Career Advice Tuesday – “More Responsibility, Same Pay”
August 3, 2010
Last week, we guided an open forum at The Black Hat Briefings, that let the audience members ask any questions about the information security employment market and their individual information security career. Over the next few weeks, we are going to feature some of these questions to provide advice to our audience.
We are going to start you off with our personal favorite:
Question: “I was recently given additional responsibility in my position that is requiring me to work more hours. These new responsibilities are helping me develop leadership skills that I know that I need to develop for my information security career, which is terrific. The issue is that I am not receiving any additional compensation for performing these added duties. Can you provide me with any guidance on how to handle this? Should I ask for a raise, I think that I deserve one.”
One of the biggest mistakes that information security professionals generally make is that they believe that they are immediately entitled to additional compensation once they are offered more responsibility and opportunity. When employers provide you with additional responsibility, many times they are viewing it as a test of your skills, or even an “organizational experiment”. Initially, management would like to see how you handle these new responsibilities, see if you rise to the challenge, or if you reject them and are put off by their byproducts (more hours, people management, additional demands), prior to making them official and rewarding you with a compensation increase. Basically, they are asking you to prove yourself and to validate their decision of selecting you for the role.
When given the opportunity to gain additional skills and create additional impact, it is our advice to accept these challenges and develop your skill matrix. Independent of pay, you will be improving yourself and making yourself more valuable to your current employer, and more marketable to future employers. By accepting these challenges, you will also learn more about yourself, and gain a preview into your readiness for new career challenges. You should always remember what drives your market value - your combination of skill, talent, and experience (and its application). It is a shared responsibility for both you and your employer to make sure that this value is recognized.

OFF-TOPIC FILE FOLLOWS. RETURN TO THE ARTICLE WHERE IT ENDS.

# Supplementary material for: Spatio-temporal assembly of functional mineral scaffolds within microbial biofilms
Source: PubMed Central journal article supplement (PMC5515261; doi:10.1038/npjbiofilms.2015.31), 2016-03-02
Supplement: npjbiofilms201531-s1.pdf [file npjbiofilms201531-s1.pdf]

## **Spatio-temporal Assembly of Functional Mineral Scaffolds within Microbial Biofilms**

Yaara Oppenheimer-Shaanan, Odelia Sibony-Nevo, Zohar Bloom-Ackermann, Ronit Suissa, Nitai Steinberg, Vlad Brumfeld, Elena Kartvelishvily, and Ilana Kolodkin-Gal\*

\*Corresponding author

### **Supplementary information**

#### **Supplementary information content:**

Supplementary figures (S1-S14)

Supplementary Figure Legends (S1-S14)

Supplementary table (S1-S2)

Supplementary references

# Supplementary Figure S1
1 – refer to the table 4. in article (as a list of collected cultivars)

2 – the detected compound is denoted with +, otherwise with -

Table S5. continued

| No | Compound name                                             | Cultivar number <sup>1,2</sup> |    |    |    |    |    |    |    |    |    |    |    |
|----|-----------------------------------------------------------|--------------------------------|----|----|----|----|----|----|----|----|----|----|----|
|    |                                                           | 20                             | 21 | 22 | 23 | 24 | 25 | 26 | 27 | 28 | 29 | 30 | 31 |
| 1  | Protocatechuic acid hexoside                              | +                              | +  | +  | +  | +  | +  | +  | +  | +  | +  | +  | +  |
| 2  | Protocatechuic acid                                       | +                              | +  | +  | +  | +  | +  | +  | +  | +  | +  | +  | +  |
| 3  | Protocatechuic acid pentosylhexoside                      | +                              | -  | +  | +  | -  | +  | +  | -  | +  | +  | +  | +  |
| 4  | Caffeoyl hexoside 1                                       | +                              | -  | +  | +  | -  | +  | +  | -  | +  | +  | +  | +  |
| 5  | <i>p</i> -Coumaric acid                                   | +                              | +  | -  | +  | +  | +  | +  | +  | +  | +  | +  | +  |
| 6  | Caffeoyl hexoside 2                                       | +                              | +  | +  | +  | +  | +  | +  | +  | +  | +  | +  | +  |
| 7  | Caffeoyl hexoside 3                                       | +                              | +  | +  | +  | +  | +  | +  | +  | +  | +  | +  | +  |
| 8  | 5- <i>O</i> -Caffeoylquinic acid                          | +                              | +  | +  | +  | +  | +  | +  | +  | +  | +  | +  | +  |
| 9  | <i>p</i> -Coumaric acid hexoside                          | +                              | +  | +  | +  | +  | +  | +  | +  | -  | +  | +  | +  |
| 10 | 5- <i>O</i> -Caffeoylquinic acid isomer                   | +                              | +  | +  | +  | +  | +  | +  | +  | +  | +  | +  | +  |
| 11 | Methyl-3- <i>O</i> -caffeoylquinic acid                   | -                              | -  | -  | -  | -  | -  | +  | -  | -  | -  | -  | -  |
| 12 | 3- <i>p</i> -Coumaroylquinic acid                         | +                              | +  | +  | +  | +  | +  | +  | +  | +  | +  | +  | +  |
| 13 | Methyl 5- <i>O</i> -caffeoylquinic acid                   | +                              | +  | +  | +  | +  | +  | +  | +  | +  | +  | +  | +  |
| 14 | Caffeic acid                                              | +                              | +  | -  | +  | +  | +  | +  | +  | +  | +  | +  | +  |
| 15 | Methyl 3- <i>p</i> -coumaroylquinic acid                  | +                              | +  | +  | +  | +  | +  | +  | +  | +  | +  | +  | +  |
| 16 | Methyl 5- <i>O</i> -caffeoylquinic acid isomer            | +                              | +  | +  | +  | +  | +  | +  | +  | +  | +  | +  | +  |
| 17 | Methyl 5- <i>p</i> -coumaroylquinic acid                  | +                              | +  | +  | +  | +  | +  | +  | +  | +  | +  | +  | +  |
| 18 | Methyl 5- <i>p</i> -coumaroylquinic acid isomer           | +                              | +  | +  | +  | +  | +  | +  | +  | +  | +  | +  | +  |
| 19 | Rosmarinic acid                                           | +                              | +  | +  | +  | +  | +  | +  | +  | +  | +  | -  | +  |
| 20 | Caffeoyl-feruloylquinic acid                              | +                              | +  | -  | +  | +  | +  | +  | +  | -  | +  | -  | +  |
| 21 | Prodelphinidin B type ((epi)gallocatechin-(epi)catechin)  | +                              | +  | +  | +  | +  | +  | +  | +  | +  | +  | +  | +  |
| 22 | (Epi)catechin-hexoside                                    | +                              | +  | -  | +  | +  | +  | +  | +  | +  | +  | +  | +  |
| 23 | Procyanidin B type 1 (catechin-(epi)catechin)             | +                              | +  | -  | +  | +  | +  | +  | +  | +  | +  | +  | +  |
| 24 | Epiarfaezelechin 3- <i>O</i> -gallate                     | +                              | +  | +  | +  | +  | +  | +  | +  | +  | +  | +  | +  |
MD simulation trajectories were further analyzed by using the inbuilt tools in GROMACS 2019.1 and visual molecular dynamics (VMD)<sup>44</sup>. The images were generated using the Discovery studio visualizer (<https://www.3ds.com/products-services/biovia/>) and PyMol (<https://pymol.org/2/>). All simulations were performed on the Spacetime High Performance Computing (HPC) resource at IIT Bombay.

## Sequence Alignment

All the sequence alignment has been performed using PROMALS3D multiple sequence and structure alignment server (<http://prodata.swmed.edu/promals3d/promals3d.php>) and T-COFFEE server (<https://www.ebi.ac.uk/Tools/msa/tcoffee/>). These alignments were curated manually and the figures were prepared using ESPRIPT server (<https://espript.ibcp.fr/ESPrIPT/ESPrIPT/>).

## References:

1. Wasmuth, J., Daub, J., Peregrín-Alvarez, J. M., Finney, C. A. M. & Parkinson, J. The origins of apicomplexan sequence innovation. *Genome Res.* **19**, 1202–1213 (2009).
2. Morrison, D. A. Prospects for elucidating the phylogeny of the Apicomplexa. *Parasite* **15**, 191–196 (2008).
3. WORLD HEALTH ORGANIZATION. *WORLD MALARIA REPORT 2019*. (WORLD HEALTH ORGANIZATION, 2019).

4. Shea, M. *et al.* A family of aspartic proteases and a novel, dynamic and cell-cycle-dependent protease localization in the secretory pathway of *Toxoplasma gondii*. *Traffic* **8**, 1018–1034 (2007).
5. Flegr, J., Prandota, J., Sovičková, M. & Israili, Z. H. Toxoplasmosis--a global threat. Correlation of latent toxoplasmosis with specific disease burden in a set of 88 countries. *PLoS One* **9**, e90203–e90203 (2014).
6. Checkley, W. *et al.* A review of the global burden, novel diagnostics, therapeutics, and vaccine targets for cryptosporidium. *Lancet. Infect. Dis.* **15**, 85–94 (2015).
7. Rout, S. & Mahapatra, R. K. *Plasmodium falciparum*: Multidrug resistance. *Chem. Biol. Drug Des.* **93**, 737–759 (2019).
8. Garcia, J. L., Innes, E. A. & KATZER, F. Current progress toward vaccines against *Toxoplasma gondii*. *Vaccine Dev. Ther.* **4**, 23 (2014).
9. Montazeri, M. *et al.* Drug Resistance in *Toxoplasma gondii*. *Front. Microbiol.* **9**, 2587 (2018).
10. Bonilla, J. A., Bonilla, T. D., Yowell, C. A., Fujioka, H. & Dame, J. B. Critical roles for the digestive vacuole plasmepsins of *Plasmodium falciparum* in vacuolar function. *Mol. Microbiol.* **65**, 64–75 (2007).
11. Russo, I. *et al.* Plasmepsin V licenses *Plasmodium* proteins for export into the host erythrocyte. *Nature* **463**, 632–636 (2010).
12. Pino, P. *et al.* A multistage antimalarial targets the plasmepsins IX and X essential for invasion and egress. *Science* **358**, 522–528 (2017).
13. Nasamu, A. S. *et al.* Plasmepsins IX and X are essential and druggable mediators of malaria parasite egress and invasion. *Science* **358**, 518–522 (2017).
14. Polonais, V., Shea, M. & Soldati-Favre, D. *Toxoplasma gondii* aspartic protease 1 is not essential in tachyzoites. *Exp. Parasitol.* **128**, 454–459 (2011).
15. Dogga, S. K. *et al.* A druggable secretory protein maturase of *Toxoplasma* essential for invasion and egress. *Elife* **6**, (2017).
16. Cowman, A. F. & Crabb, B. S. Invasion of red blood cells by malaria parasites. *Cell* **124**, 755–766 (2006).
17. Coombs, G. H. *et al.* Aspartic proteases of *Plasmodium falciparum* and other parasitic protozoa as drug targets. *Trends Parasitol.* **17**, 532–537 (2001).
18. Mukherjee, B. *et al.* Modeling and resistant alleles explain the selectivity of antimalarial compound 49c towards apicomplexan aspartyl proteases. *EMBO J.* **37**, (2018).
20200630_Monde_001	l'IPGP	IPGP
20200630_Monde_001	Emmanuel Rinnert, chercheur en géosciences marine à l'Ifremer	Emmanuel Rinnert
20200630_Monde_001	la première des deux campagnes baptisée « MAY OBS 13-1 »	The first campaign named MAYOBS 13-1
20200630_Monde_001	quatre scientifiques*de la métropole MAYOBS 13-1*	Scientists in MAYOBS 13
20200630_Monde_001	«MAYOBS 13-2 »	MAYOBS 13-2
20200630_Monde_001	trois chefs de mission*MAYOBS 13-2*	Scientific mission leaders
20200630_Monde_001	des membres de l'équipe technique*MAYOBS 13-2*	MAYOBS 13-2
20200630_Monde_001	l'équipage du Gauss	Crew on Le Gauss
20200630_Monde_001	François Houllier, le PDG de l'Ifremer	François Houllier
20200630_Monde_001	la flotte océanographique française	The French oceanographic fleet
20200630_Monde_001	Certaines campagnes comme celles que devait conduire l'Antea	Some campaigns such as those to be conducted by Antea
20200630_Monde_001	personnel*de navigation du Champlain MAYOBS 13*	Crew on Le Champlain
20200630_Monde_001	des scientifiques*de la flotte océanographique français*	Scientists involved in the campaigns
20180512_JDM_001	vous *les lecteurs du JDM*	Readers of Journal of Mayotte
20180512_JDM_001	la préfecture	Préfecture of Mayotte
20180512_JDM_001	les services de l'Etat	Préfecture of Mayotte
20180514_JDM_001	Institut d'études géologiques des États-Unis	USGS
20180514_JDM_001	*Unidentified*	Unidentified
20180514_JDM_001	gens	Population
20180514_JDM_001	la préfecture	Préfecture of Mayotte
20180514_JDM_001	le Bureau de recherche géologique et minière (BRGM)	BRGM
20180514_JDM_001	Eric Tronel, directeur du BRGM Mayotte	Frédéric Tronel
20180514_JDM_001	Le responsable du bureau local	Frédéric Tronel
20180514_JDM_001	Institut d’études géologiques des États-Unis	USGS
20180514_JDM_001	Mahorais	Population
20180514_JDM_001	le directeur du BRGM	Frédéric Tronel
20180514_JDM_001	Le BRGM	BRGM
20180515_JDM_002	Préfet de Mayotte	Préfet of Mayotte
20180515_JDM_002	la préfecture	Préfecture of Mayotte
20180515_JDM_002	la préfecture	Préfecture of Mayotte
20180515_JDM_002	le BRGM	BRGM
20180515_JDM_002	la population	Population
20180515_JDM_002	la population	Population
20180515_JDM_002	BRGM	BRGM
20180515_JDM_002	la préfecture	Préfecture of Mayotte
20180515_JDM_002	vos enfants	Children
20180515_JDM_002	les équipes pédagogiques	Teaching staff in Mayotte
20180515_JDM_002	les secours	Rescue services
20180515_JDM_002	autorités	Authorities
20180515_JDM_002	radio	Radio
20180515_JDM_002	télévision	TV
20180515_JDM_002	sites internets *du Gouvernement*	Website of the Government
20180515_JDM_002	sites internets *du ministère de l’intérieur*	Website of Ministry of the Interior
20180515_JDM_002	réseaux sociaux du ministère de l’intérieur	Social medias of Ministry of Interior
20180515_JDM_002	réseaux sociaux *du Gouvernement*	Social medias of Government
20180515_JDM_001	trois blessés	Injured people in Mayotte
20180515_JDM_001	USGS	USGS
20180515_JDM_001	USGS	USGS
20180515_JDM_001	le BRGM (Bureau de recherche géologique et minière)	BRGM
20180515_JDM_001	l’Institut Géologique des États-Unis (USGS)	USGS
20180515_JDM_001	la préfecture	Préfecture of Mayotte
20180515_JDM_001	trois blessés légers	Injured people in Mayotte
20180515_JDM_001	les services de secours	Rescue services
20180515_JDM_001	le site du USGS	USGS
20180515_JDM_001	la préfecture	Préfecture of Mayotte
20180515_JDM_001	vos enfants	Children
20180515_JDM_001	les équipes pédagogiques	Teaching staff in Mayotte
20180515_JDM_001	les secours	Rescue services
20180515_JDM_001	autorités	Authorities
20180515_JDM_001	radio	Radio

Our advice to you, would be to continue on in your new role for at least ninety (90) days before introducing the subject of additional compensation. During that time period, you should take it upon yourself to demonstrate to your management (through results and impact) that they made an excellent decision in selecting you for the role. If you are successful in doing this, chances are that they will come to you (within 90 days) and make your new role “official” and reward you with additional compensation.
If they do not come to you, then I think it would be important for you to set up a meeting with your management, asking for an evaluation of your performance in your new role. If during that meeting they provide you with positive feedback that you are doing a good job, at that point you should introduce the concept of monetary reward and compensation increase. It would be our hope that they are prepared with a suitable answer and provide you with either action or a timeline for this ”salary adjustment” to take place.
In closing, our advice is to look at increased workload as an opportunity for learning, growth, and access. The value in the experience will stay with you throughout your career. If your current employer does not realize your added value, do not worry, a future employer definitely will.
Lee and Mike